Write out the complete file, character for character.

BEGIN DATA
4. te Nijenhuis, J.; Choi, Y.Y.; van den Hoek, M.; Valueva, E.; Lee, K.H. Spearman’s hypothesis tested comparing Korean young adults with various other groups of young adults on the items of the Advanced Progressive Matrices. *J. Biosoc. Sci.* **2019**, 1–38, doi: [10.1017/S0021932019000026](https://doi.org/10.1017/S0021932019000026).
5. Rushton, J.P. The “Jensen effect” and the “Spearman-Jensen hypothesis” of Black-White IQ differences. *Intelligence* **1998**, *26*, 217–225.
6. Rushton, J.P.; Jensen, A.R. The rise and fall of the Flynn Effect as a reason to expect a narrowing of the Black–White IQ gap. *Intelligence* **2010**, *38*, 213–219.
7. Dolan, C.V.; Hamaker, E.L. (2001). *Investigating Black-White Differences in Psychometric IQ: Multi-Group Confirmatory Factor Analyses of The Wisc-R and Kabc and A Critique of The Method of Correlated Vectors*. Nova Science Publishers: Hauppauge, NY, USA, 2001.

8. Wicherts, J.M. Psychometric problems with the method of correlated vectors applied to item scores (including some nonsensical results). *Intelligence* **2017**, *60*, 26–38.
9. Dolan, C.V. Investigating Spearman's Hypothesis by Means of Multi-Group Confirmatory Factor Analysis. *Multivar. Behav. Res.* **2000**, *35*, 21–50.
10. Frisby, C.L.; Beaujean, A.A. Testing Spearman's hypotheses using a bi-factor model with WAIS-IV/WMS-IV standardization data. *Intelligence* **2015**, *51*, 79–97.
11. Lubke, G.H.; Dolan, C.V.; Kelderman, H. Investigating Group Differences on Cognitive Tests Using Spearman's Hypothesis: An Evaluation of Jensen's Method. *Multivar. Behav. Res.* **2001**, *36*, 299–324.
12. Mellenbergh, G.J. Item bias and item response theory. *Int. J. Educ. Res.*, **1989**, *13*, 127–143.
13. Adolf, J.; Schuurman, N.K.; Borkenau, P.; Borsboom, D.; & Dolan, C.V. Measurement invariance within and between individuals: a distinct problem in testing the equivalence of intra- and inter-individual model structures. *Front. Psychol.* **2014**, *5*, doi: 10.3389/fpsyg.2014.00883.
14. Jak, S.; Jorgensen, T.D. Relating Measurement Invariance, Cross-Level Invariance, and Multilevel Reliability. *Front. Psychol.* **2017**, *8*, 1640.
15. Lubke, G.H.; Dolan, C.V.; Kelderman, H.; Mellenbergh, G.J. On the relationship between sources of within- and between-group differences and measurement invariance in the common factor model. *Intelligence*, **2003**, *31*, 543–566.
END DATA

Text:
4. te Nijenhuis, J.; Choi, Y.Y.; van den Hoek, M.; Valueva, E.; Lee, K.H. Spearman’s hypothesis tested comparing Korean young adults with various other groups of young adults on the items of the Advanced Progressive Matrices. *J. Biosoc. Sci.* **2019**, 1–38, doi: [10.1017/S0021932019000026](https://doi.org/10.1017/S0021932019000026).
5. Rushton, J.P. The “Jensen effect” and the “Spearman-Jensen hypothesis” of Black-White IQ differences. *Intelligence* **1998**, *26*, 217–225.
6. Rushton, J.P.; Jensen, A.R. The rise and fall of the Flynn Effect as a reason to expect a narrowing of the Black–White IQ gap. *Intelligence* **2010**, *38*, 213–219.
7. Dolan, C.V.; Hamaker, E.L. (2001). *Investigating Black-White Differences in Psychometric IQ: Multi-Group Confirmatory Factor Analyses of The Wisc-R and Kabc and A Critique of The Method of Correlated Vectors*. Nova Science Publishers: Hauppauge, NY, USA, 2001.

8. Wicherts, J.M. Psychometric problems with the method of correlated vectors applied to item scores (including some nonsensical results). *Intelligence* **2017**, *60*, 26–38.
9. Dolan, C.V. Investigating Spearman's Hypothesis by Means of Multi-Group Confirmatory Factor Analysis. *Multivar. Behav. Res.* **2000**, *35*, 21–50.
10. Frisby, C.L.; Beaujean, A.A. Testing Spearman's hypotheses using a bi-factor model with WAIS-IV/WMS-IV standardization data. *Intelligence* **2015**, *51*, 79–97.
11. Lubke, G.H.; Dolan, C.V.; Kelderman, H. Investigating Group Differences on Cognitive Tests Using Spearman's Hypothesis: An Evaluation of Jensen's Method. *Multivar. Behav. Res.* **2001**, *36*, 299–324.
12. Mellenbergh, G.J. Item bias and item response theory. *Int. J. Educ. Res.*, **1989**, *13*, 127–143.
13. Adolf, J.; Schuurman, N.K.; Borkenau, P.; Borsboom, D.; & Dolan, C.V. Measurement invariance within and between individuals: a distinct problem in testing the equivalence of intra- and inter-individual model structures. *Front. Psychol.* **2014**, *5*, doi: 10.3389/fpsyg.2014.00883.
14. Jak, S.; Jorgensen, T.D. Relating Measurement Invariance, Cross-Level Invariance, and Multilevel Reliability. *Front. Psychol.* **2017**, *8*, 1640.
15. Lubke, G.H.; Dolan, C.V.; Kelderman, H.; Mellenbergh, G.J. On the relationship between sources of within- and between-group differences and measurement invariance in the common factor model. *Intelligence*, **2003**, *31*, 543–566.